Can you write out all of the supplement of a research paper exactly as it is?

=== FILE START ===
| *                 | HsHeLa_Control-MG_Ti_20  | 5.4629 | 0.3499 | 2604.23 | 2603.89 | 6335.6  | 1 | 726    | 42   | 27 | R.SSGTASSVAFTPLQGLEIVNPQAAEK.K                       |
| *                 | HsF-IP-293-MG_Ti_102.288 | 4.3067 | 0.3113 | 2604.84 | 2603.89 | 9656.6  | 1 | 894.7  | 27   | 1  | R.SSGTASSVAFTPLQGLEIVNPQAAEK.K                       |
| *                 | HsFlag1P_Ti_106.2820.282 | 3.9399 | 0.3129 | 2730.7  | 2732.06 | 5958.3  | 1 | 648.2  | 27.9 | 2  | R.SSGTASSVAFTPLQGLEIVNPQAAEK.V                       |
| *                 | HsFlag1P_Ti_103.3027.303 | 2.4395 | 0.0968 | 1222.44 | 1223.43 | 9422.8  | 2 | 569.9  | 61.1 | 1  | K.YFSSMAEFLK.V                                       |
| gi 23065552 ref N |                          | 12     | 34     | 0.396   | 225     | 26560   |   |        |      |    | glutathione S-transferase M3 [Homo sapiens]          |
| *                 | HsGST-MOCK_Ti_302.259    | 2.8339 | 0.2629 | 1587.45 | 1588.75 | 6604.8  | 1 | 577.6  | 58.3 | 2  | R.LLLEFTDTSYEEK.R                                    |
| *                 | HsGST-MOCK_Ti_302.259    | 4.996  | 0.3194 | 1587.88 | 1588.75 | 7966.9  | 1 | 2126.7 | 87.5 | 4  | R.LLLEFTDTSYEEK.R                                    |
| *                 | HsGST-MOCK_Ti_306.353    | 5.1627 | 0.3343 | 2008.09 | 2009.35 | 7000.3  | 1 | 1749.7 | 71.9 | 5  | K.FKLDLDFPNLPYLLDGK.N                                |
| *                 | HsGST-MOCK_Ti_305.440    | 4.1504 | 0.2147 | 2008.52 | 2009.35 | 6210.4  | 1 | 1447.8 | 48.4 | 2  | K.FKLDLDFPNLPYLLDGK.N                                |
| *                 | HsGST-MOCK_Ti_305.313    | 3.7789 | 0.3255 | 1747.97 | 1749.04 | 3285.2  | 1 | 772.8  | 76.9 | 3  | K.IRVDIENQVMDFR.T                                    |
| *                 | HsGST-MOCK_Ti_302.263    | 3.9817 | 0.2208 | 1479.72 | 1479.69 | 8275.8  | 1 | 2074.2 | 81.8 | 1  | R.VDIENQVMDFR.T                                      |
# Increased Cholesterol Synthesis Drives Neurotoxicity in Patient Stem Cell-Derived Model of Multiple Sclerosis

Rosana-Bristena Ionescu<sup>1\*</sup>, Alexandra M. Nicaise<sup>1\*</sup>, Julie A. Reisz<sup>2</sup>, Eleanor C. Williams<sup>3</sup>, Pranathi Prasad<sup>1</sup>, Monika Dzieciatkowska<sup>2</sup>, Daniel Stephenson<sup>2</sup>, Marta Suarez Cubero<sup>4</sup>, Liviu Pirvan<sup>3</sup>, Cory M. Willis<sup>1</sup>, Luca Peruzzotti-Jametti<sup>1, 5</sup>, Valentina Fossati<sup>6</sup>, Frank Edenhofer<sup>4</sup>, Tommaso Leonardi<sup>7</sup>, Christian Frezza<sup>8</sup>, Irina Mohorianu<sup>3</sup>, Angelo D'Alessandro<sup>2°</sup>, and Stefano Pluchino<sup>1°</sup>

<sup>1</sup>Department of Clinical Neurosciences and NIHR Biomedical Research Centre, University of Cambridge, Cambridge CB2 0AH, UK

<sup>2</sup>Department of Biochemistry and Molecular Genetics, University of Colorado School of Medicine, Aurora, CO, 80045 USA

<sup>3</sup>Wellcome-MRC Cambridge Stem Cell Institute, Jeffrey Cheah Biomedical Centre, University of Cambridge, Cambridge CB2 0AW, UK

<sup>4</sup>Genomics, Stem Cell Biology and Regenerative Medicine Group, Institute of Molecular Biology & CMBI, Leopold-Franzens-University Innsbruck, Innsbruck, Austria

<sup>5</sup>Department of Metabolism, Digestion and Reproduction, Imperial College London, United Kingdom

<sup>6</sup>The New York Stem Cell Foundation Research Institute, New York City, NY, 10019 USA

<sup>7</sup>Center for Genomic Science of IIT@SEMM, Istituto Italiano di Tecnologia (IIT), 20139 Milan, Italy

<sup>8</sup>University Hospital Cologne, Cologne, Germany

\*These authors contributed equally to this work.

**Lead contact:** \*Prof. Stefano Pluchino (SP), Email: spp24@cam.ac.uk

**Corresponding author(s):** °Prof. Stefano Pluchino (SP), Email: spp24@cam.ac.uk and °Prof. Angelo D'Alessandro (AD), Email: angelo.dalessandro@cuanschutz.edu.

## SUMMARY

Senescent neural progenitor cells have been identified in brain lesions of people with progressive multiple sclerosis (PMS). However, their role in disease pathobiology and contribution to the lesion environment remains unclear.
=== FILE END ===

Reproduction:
| *                 | HsHeLa_Control-MG_Ti_20  | 5.4629 | 0.3499 | 2604.23 | 2603.89 | 6335.6  | 1 | 726    | 42   | 27 | R.SSGTASSVAFTPLQGLEIVNPQAAEK.K                       |
| *                 | HsF-IP-293-MG_Ti_102.288 | 4.3067 | 0.3113 | 2604.84 | 2603.89 | 9656.6  | 1 | 894.7  | 27   | 1  | R.SSGTASSVAFTPLQGLEIVNPQAAEK.K                       |
| *                 | HsFlag1P_Ti_106.2820.282 | 3.9399 | 0.3129 | 2730.7  | 2732.06 | 5958.3  | 1 | 648.2  | 27.9 | 2  | R.SSGTASSVAFTPLQGLEIVNPQAAEK.V                       |
| *                 | HsFlag1P_Ti_103.3027.303 | 2.4395 | 0.0968 | 1222.44 | 1223.43 | 9422.8  | 2 | 569.9  | 61.1 | 1  | K.YFSSMAEFLK.V                                       |
| gi 23065552 ref N |                          | 12     | 34     | 0.396   | 225     | 26560   |   |        |      |    | glutathione S-transferase M3 [Homo sapiens]          |
| *                 | HsGST-MOCK_Ti_302.259    | 2.8339 | 0.2629 | 1587.45 | 1588.75 | 6604.8  | 1 | 577.6  | 58.3 | 2  | R.LLLEFTDTSYEEK.R                                    |
| *                 | HsGST-MOCK_Ti_302.259    | 4.996  | 0.3194 | 1587.88 | 1588.75 | 7966.9  | 1 | 2126.7 | 87.5 | 4  | R.LLLEFTDTSYEEK.R                                    |
| *                 | HsGST-MOCK_Ti_306.353    | 5.1627 | 0.3343 | 2008.09 | 2009.35 | 7000.3  | 1 | 1749.7 | 71.9 | 5  | K.FKLDLDFPNLPYLLDGK.N                                |
| *                 | HsGST-MOCK_Ti_305.440    | 4.1504 | 0.2147 | 2008.52 | 2009.35 | 6210.4  | 1 | 1447.8 | 48.4 | 2  | K.FKLDLDFPNLPYLLDGK.N                                |
| *                 | HsGST-MOCK_Ti_305.313    | 3.7789 | 0.3255 | 1747.97 | 1749.04 | 3285.2  | 1 | 772.8  | 76.9 | 3  | K.IRVDIENQVMDFR.T                                    |
| *                 | HsGST-MOCK_Ti_302.263    | 3.9817 | 0.2208 | 1479.72 | 1479.69 | 8275.8  | 1 | 2074.2 | 81.8 | 1  | R.VDIENQVMDFR.T                                      |
# Increased Cholesterol Synthesis Drives Neurotoxicity in Patient Stem Cell-Derived Model of Multiple Sclerosis

Rosana-Bristena Ionescu<sup>1\*</sup>, Alexandra M. Nicaise<sup>1\*</sup>, Julie A. Reisz<sup>2</sup>, Eleanor C. Williams<sup>3</sup>, Pranathi Prasad<sup>1</sup>, Monika Dzieciatkowska<sup>2</sup>, Daniel Stephenson<sup>2</sup>, Marta Suarez Cubero<sup>4</sup>, Liviu Pirvan<sup>3</sup>, Cory M. Willis<sup>1</sup>, Luca Peruzzotti-Jametti<sup>1, 5</sup>, Valentina Fossati<sup>6</sup>, Frank Edenhofer<sup>4</sup>, Tommaso Leonardi<sup>7</sup>, Christian Frezza<sup>8</sup>, Irina Mohorianu<sup>3</sup>, Angelo D'Alessandro<sup>2°</sup>, and Stefano Pluchino<sup>1°</sup>

<sup>1</sup>Department of Clinical Neurosciences and NIHR Biomedical Research Centre, University of Cambridge, Cambridge CB2 0AH, UK

<sup>2</sup>Department of Biochemistry and Molecular Genetics, University of Colorado School of Medicine, Aurora, CO, 80045 USA

<sup>3</sup>Wellcome-MRC Cambridge Stem Cell Institute, Jeffrey Cheah Biomedical Centre, University of Cambridge, Cambridge CB2 0AW, UK

<sup>4</sup>Genomics, Stem Cell Biology and Regenerative Medicine Group, Institute of Molecular Biology & CMBI, Leopold-Franzens-University Innsbruck, Innsbruck, Austria

<sup>5</sup>Department of Metabolism, Digestion and Reproduction, Imperial College London, United Kingdom

<sup>6</sup>The New York Stem Cell Foundation Research Institute, New York City, NY, 10019 USA

<sup>7</sup>Center for Genomic Science of IIT@SEMM, Istituto Italiano di Tecnologia (IIT), 20139 Milan, Italy

<sup>8</sup>University Hospital Cologne, Cologne, Germany

\*These authors contributed equally to this work.

**Lead contact:** \*Prof. Stefano Pluchino (SP), Email: spp24@cam.ac.uk

**Corresponding author(s):** °Prof. Stefano Pluchino (SP), Email: spp24@cam.ac.uk and °Prof. Angelo D'Alessandro (AD), Email: angelo.dalessandro@cuanschutz.edu.

## SUMMARY

Senescent neural progenitor cells have been identified in brain lesions of people with progressive multiple sclerosis (PMS). However, their role in disease pathobiology and contribution to the lesion environment remains unclear.